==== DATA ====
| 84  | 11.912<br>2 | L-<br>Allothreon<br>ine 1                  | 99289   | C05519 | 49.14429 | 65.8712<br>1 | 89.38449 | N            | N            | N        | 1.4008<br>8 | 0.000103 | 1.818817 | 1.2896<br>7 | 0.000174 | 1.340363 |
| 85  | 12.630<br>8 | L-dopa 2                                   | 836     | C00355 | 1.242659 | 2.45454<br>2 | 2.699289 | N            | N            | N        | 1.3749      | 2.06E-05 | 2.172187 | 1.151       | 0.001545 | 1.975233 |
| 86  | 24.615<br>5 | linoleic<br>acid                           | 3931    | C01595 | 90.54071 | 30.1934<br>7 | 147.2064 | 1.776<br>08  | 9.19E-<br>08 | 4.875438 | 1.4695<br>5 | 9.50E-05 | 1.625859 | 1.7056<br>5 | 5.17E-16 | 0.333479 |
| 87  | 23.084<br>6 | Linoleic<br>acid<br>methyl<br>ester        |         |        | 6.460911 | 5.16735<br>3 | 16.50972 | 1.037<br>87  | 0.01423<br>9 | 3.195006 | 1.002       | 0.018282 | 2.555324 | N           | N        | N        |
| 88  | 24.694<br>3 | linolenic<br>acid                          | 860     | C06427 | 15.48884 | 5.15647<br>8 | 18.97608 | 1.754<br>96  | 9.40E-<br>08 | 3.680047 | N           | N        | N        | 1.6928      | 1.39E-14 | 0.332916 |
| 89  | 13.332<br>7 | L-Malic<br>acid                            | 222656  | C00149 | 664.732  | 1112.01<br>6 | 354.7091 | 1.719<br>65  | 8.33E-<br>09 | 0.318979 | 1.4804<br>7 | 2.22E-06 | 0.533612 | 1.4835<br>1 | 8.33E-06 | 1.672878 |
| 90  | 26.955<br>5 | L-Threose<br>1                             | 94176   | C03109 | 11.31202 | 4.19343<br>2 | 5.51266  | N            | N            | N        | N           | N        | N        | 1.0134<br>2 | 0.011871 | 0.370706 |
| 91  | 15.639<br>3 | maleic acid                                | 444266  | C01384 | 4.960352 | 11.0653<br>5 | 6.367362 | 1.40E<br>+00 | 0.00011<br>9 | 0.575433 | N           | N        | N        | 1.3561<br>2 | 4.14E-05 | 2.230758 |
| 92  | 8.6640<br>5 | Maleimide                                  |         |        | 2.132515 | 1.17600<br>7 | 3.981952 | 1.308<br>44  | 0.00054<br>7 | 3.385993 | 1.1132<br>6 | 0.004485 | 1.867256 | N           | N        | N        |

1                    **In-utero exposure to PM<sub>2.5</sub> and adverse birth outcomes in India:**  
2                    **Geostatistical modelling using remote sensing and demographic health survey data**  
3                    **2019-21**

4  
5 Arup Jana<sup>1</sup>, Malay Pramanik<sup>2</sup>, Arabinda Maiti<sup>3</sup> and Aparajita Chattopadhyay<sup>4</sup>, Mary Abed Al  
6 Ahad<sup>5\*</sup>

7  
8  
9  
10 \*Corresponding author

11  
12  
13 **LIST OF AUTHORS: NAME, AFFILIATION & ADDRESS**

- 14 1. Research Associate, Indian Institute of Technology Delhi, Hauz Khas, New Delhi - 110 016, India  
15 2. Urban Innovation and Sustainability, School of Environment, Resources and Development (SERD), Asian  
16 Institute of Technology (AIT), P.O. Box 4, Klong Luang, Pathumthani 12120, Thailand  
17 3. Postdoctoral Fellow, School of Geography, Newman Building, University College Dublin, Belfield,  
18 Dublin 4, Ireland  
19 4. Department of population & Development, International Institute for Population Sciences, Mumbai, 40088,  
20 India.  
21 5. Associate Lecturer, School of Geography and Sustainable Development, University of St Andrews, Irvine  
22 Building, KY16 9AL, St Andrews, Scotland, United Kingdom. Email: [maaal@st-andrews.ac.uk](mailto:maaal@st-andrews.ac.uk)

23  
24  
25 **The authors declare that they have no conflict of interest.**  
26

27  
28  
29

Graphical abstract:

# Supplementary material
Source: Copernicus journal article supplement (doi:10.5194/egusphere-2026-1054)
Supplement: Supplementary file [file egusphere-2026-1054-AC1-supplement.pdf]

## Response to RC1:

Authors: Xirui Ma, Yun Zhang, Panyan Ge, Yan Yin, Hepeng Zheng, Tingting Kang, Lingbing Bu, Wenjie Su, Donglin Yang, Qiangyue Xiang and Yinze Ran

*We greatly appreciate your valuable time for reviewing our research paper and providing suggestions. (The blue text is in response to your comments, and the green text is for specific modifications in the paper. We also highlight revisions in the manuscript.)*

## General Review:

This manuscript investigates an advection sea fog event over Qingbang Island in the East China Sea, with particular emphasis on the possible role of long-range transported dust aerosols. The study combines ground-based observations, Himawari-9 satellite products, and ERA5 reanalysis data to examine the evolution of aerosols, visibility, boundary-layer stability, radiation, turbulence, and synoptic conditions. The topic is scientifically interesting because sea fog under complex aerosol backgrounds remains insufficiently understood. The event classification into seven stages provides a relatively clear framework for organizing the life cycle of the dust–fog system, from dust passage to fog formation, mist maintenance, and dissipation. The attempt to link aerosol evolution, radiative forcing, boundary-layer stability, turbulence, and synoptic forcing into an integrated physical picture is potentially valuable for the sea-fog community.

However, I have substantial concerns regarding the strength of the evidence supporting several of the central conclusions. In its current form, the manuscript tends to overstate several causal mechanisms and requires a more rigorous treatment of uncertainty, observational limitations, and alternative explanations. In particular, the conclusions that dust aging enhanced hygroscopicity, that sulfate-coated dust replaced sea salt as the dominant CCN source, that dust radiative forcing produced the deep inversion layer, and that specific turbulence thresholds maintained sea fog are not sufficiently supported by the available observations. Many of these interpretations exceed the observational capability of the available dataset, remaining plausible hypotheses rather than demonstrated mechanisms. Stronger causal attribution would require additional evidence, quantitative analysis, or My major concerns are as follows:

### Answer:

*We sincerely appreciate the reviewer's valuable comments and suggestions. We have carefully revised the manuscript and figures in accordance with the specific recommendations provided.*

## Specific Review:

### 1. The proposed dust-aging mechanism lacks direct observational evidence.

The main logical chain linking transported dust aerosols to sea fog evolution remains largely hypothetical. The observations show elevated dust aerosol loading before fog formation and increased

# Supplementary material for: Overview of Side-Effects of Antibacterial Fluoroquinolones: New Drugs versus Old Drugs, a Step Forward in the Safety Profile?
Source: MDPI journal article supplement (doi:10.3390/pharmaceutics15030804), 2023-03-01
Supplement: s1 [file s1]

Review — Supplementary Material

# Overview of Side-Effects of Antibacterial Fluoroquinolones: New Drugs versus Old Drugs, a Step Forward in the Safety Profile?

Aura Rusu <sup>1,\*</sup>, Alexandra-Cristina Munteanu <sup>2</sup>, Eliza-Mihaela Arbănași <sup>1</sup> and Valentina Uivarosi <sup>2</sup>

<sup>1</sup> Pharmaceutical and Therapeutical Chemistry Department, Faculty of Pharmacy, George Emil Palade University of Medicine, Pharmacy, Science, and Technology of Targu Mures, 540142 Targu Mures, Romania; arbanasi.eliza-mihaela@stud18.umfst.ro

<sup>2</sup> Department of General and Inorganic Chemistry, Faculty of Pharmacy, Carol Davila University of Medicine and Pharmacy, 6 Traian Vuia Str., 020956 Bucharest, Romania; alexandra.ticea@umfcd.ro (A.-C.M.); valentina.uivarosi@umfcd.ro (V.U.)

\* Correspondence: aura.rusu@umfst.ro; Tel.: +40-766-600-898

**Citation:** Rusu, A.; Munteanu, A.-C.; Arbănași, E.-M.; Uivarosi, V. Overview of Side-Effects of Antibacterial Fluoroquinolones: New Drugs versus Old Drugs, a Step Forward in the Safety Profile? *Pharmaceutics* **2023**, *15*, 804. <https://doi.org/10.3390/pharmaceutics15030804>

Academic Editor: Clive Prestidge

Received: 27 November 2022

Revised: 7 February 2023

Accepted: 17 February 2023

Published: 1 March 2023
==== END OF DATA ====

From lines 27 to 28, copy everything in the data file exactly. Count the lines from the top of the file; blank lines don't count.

18 Dublin 4, Ireland  
19 4. Department of population & Development, International Institute for Population Sciences, Mumbai, 40088,  